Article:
The combinator attack hence will combine each and every word within the single dictionary file. In the example I used the RockYou wordlist file in Kali Linux.
#hashcat -m 0 -a 1 hash.txt dict.txt
Bruteforce Attack with Hashcat Tutorial
Tries all combinations from a given Keyspace. It is the easiest of all the attacks.
In Brute-Force we specify a Charset and a password length range. The total number of passwords to try is Number of Chars in Charset ^ Length. This attack is outdated. The Mask-Attack fully replaces it.
Dictionary Attack with hashcat tutorial
The dictionary attack is a very simple attack mode. It is also known as a “Wordlist attack”.
All that is needed is to read line by line from a textfile (called “dictionary” or “wordlist”) and try each line as a password candidate.
Mask Attack with hashcat tutorial
Try all combinations from a given keyspace just like in Brute-Force attack, but more specific.
The reason for doing this and not to stick to the traditional Brute-Force is that we want to reduce the password candidate keyspace to a more efficient one.
Here is a single example. We want to crack the password: Julia1984
In traditional Brute-Force attack, we require a charset that contains all upper-case letters, all lower-case letters and all digits (aka “mixalpha-numeric”). The Password length is 9, so we have to iterate through 62^9 (13.537.086.546.263.552) combinations. Let’s say we crack with a rate of 100M/s, this requires more than 4 years to complete.
In Mask attack, we know about humans and how they design passwords. The above password matches a simple but common pattern. A name and year appended to it. We can also configure the attack to try the upper-case letters only in the first position. It is very uncommon to see an upper-case letter only in the second or the third position. To make it short, with Mask attack we can reduce the keyspace to 52*26*26*26*26*10*10*10*10 (237.627.520.000) combinations. With the same cracking rate of 100M/s, this requires just 40 minutes to complete.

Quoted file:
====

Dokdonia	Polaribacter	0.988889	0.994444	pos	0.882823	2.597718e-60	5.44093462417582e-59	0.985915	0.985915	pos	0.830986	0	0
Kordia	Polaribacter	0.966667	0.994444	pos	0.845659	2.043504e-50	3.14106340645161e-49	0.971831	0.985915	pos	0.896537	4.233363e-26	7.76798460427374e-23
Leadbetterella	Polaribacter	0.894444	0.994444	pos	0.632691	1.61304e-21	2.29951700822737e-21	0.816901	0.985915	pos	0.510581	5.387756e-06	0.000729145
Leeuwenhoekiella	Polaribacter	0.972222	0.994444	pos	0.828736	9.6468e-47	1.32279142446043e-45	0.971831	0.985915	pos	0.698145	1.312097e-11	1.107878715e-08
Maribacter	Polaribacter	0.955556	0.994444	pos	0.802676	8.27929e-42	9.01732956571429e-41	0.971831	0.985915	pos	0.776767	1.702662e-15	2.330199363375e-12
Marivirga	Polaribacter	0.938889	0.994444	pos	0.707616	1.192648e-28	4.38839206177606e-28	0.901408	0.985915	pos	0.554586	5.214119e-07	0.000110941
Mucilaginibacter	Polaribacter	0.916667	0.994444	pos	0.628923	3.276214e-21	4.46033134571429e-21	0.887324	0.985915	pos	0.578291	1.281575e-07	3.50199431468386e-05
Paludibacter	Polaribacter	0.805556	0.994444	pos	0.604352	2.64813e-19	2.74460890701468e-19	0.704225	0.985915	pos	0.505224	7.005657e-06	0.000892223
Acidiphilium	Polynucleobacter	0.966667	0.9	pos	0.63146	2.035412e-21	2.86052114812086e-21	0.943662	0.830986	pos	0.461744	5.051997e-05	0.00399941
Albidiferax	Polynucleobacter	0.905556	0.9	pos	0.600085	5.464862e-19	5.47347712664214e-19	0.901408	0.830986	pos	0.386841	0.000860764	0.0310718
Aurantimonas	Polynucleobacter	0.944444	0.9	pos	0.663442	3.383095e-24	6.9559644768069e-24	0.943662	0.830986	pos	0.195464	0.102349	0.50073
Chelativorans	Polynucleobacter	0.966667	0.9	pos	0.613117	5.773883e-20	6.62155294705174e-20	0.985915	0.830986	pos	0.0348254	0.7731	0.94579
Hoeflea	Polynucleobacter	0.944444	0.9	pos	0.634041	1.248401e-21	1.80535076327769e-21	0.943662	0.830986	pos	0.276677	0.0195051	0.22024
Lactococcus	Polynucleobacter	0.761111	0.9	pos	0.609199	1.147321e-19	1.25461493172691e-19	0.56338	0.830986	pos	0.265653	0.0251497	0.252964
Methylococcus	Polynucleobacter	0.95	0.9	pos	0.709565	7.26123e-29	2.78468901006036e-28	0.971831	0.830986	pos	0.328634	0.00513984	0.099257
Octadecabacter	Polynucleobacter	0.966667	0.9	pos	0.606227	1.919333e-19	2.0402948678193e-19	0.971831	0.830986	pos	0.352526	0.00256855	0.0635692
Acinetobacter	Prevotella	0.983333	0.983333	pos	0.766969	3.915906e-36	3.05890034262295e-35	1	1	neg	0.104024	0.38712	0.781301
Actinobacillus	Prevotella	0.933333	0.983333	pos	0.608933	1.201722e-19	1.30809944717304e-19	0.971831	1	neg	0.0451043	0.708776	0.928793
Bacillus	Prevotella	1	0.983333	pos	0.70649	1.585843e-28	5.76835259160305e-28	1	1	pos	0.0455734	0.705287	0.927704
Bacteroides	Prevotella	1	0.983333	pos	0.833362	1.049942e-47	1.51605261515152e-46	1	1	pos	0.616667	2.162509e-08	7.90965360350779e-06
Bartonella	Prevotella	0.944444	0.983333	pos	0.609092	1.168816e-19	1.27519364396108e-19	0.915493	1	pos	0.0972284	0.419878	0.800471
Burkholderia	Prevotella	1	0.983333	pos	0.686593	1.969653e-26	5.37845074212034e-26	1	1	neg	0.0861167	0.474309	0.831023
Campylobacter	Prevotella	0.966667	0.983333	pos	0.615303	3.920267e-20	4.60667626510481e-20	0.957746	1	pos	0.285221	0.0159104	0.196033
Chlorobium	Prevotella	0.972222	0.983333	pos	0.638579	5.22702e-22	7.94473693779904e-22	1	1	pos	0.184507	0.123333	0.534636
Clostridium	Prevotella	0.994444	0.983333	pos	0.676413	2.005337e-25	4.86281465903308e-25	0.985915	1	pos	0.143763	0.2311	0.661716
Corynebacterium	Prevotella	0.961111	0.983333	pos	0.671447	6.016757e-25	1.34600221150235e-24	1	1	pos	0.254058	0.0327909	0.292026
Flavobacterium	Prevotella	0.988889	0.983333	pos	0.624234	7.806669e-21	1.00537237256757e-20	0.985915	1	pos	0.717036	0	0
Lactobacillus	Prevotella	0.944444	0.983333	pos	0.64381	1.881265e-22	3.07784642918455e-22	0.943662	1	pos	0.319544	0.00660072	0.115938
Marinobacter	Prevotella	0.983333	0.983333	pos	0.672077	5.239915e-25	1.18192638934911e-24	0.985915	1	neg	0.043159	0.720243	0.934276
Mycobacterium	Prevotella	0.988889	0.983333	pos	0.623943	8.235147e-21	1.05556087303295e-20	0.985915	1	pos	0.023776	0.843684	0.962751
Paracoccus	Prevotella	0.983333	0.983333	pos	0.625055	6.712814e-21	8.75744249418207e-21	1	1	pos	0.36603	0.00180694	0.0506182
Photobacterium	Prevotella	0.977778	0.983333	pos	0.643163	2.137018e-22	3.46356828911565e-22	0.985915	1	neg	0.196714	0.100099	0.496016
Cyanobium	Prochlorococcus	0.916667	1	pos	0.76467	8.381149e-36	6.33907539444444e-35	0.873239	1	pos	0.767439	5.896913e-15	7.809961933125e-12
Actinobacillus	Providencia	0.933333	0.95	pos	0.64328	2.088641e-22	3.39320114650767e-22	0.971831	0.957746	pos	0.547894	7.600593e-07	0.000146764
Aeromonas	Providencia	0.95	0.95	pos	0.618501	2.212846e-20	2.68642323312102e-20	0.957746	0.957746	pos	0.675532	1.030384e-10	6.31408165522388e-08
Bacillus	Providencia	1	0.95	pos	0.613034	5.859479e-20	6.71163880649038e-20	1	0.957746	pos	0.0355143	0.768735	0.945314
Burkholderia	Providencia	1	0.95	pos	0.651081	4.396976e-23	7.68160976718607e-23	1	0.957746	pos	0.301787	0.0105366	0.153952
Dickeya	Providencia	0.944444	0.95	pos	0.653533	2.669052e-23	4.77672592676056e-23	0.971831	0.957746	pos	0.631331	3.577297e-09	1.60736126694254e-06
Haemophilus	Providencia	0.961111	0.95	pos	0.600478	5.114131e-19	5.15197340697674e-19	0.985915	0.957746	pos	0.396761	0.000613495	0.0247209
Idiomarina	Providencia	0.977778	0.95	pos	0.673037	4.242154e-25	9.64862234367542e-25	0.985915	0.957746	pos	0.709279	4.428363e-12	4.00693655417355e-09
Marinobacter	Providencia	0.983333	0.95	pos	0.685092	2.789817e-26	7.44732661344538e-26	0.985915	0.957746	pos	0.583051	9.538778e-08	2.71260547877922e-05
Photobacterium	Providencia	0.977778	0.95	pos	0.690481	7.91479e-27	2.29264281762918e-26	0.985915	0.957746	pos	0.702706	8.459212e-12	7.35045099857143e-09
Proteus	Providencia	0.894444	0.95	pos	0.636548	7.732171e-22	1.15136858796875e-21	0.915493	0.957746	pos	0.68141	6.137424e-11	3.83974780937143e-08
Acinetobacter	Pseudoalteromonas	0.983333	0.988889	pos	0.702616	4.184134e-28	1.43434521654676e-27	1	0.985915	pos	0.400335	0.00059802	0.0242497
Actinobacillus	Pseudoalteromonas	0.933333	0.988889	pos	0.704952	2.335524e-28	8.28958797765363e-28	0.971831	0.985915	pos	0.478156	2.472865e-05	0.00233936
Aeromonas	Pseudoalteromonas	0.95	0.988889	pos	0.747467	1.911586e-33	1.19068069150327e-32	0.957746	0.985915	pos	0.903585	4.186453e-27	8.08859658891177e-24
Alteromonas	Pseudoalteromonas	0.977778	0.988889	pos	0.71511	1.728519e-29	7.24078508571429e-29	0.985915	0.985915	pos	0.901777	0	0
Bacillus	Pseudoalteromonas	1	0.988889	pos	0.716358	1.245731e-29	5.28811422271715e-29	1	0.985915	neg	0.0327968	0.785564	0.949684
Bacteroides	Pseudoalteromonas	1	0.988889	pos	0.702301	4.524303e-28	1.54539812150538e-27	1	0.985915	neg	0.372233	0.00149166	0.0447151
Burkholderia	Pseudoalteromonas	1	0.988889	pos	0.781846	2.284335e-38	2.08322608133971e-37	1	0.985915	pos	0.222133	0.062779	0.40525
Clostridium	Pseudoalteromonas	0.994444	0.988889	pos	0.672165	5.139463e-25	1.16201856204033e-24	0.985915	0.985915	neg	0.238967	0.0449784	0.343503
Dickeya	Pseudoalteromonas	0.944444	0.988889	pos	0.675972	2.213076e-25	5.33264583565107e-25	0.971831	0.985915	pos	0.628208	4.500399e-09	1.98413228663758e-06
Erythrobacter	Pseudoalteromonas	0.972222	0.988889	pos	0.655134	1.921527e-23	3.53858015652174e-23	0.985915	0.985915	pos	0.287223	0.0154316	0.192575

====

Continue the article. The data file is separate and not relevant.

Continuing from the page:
Examples of Mask Attack
The following commands all define the same custom charset that consists of the chars “abcdefghijklmnopqrstuvwxyz0123456789” (aka “lalpha-numeric”):
-1 loweralpha_numeric.hcchr # file that contains all digits + chars (abcdefghijklmnopqrstuvwxyz0123456789)
The following command defines a charset that consists of the chars “0123456789abcdef”:
The following command defines a full 7-bit ASCII charset (aka “mixalpha-numeric-all-space”):
The following command sets the first custom charset (-1) to russian language specific chars:
The following commands create the following password candidates:
command: -a 3 ?l?l?l?l?l?l?l?l
keyspace: aaaaaaaa – zzzzzzzz
command: -a 3 -1 ?l?d ?1?1?1?1?1
keyspace: aaaaa – 99999
command: -a 3 password?d
keyspace: password0 – password9
command: -a 3 -1 ?l?u ?1?l?l?l?l?l19?d?d
keyspace: aaaaaa1900 – Zzzzzz1999
command: -a 3 -1 ?dabcdef -2 ?l?u ?1?1?2?2?2?2?2
keyspace: 00aaaaa – ffZZZZZ
command: -a 3 -1 efghijklmnop ?1?1?1
keyspace: eee – ppp
Password length increment
A Mask attack is always specific to a password length. For example, if we use the mask “?l?l?l?l?l?l?l?l” we can only crack a password of the length 8. But if the password we try to crack has the length 7 we will not find it. That’s why we have to repeat the attack several times, each time with one placeholder added to the mask. This is transparently automated by using the “–increment” flag.